Don't misunderstand Robert Davis. He badly wants to make it as a professional football player, and he would love to reach that milestone with the Baltimore Football Club. But if Davis isn't around when the team finalizes its roster in three weeks, he won't be crushed.
Davis knows about disappointment, having been cut from two New York Jets camps. And off the field, the soft-spoken, 25-year-old rookie lineman has gained a sense of perspective by dealing with his share of tragedy.
Nearly five years ago, while Davis' collegiate career was blossoming at Shippensburg, he lost his little brother, Edward, who was shot to death in Washington, D.C. Eighteen months later, while Davis was home on spring break visiting his mother in Prince George's County, she suffered a fatal heart attack.
Compared with those experiences, Davis said, getting cut from a football team is a breeze.
"My experiences have molded me to the point where I'm pretty thick-skinned fighting off pain. I've already been to the bottom of the barrel," Davis said. "Nothing is ever given to you, but I feel pretty good about where I am so far [at camp]. I'm a realistic person. I know there are a limited number of jobs here."
And Davis stands a good chance of winning one of them, mainly because he can do so many things. At 6 feet 3, 285 pounds, he has impressed the Baltimore coaches with his strength and intelligence, trying out at defensive tackle, nose tackle and center.
But it's Davis' ability to do one of the little things -- long snapping -- that could ensure him a spot with Baltimore.
Throughout the first week of camp, coaches have watched as Davis has fired perfectly placed spirals to punter Josh Miller, in most cases to the exact spot where Miller has requested. A good long snap is a key to getting off a punt with effective distance and hang time, and coach Don Matthews has expressed a desire to upgrade that special teams function. As of now, veteran Scott Miller's long-snapping job is in jeopardy.
"That man [Davis] has quite a skill. He's remarkable, one of the best long snappers I've ever seen," Matthews said.
"The long snapper is the most important person in my life. He dictates everything," Miller said. "I've never seen anyone like him [Davis]. It's like Roger Clemens throwing to me. You've got to like him."
The New York Jets liked Davis, especially his long snapping, enough to take a look at him in their 1993 and 1994 training camps. After getting released for the second time, Davis decided to put his criminal justice degree to good use. Last fall, he got a job counseling juvenile delinquents at a detention center in Harrisburg, Pa.
When Baltimore assistant general manager Jim Popp -- who had seen him at the Jets' camp -- called him this spring, Davis decided to give football another shot.
"I was content with my job, but there was still an empty space inside of me," Davis said. "I didn't want to leave without finding out if I could play at this level."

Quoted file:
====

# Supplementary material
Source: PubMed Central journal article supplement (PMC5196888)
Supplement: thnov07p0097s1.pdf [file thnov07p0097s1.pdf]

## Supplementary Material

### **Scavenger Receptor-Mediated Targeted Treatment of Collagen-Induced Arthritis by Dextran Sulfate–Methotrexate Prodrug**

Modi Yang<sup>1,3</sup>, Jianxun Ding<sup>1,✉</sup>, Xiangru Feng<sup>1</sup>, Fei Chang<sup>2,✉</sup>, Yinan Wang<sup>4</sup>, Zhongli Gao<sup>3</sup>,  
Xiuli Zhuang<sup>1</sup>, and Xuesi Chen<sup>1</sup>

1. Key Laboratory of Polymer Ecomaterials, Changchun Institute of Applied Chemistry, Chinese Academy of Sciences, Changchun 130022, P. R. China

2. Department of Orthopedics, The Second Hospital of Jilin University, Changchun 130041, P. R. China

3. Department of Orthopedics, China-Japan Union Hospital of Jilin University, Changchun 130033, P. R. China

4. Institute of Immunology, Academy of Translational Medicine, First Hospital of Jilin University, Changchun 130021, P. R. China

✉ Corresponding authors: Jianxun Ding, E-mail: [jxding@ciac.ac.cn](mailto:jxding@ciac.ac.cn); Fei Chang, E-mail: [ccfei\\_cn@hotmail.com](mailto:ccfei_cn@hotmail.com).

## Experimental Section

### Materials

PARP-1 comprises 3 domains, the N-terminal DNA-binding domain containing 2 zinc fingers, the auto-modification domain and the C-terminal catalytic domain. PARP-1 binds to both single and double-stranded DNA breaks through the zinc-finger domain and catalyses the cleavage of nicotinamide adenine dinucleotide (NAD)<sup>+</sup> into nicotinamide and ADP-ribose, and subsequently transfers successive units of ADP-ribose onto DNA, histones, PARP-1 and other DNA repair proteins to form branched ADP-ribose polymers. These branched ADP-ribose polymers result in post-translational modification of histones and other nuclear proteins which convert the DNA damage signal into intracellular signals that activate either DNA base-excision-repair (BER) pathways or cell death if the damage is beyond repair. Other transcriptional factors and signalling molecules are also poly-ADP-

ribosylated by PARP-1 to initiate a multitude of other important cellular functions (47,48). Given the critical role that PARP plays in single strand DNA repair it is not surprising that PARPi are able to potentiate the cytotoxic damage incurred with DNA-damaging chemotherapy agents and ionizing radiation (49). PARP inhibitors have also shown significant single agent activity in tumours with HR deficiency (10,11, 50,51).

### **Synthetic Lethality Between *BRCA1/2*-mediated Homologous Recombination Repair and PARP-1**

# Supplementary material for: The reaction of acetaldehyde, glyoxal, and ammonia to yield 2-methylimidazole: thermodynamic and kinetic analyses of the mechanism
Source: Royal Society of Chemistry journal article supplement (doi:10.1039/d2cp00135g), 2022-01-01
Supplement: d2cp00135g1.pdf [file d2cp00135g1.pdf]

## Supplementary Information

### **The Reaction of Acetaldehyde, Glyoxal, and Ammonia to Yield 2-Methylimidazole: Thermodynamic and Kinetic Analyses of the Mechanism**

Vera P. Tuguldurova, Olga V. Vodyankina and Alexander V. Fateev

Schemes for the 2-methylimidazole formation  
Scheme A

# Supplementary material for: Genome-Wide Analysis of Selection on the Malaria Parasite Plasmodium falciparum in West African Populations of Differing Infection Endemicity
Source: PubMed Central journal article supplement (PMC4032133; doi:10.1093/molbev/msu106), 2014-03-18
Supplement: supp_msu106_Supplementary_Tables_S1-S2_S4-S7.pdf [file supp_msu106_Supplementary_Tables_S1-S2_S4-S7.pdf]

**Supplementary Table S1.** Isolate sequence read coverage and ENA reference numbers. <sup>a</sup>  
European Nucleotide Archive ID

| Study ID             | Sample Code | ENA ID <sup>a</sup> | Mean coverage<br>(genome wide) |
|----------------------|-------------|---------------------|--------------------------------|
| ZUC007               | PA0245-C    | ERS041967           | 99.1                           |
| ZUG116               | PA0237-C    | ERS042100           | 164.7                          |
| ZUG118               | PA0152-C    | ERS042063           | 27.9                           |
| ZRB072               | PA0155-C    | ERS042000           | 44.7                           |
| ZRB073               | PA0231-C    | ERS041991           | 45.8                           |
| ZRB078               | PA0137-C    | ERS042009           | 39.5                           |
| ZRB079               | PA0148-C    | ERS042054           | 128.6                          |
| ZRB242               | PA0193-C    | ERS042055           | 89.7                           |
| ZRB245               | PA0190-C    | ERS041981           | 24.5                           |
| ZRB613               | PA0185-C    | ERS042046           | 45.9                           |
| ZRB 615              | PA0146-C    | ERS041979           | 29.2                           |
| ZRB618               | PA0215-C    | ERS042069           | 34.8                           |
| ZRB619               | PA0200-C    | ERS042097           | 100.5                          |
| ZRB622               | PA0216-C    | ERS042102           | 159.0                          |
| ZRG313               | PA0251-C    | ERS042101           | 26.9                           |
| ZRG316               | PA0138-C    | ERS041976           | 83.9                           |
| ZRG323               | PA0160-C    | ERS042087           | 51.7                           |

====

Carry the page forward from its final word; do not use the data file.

"With a long snap like his, I don't see how he couldn't make it in the NFL. Even his bad snaps are right there, and they're tight spirals," said Marty Long, the team's defensive line coach. "And he's a smart, strong player on the line. You like having a guy who is smart enough to learn three phases of the game."
Davis, who taught himself how to long-snap, still is relatively new to the game. After playing his first year of organized football as a senior at Eleanor Roosevelt High, he walked on at Shippensburg and became a four-year starter at the Division II school, where he set a career record for most tackles by a defensive lineman. Oh yes, he also was the team's top snapper on special teams.
"I've never boasted about being a great defensive lineman. I was adequate, occasionally dominating, at the school where I played. But I'll put my snapping skills up against anybody's in this league or the NFL," Davis said.
"I was never a natural athlete. I had to get good at something," he added. "I'm pretty much a self-made athlete. I just get out there like a blue-collar guy and work with what I got. And if that's not good enough here, I've been given the boot before."
Matthews wasn't kidding when he said the Baltimore Football JTC Club's receiving positions, excluding veteran slotback Chris Armstrong, are pretty much wide open. Although vets like Walter Wilson and Robert Clark have looked impressive, the rookies have been noticeable in numbers and talent.
Baltimore brought nine rookies into camp, and Shannon Culver, who made the team last year before quitting early in the season, has been a standout again. In the first several days of camp, three rookies left voluntarily and were replaced by four new receivers. Among those, 6-foot-3 wide-out Jeff Johnson has already made a handful of exceptional catches. Johnson, a former college teammate of rookie slotback Chris Beatty, caught 142 passes in two seasons at East Tennessee State.
Tomorrow is the camp's first cut-down day, as Baltimore will trim its roster to 65 players. . . . Team owner Jim Speros is a finalist for the 1995 Entrepreneur of the Year Award. . . . Camp ended earlier than expected for offensive tackle David Vertin, who was injured on Tuesday in one-on-one drills, learned he has torn knee ligaments and headed home to Minnesota for surgery. . . . Rookie rush end Les Barley missed his third straight day of
workouts with a calf muscle injury.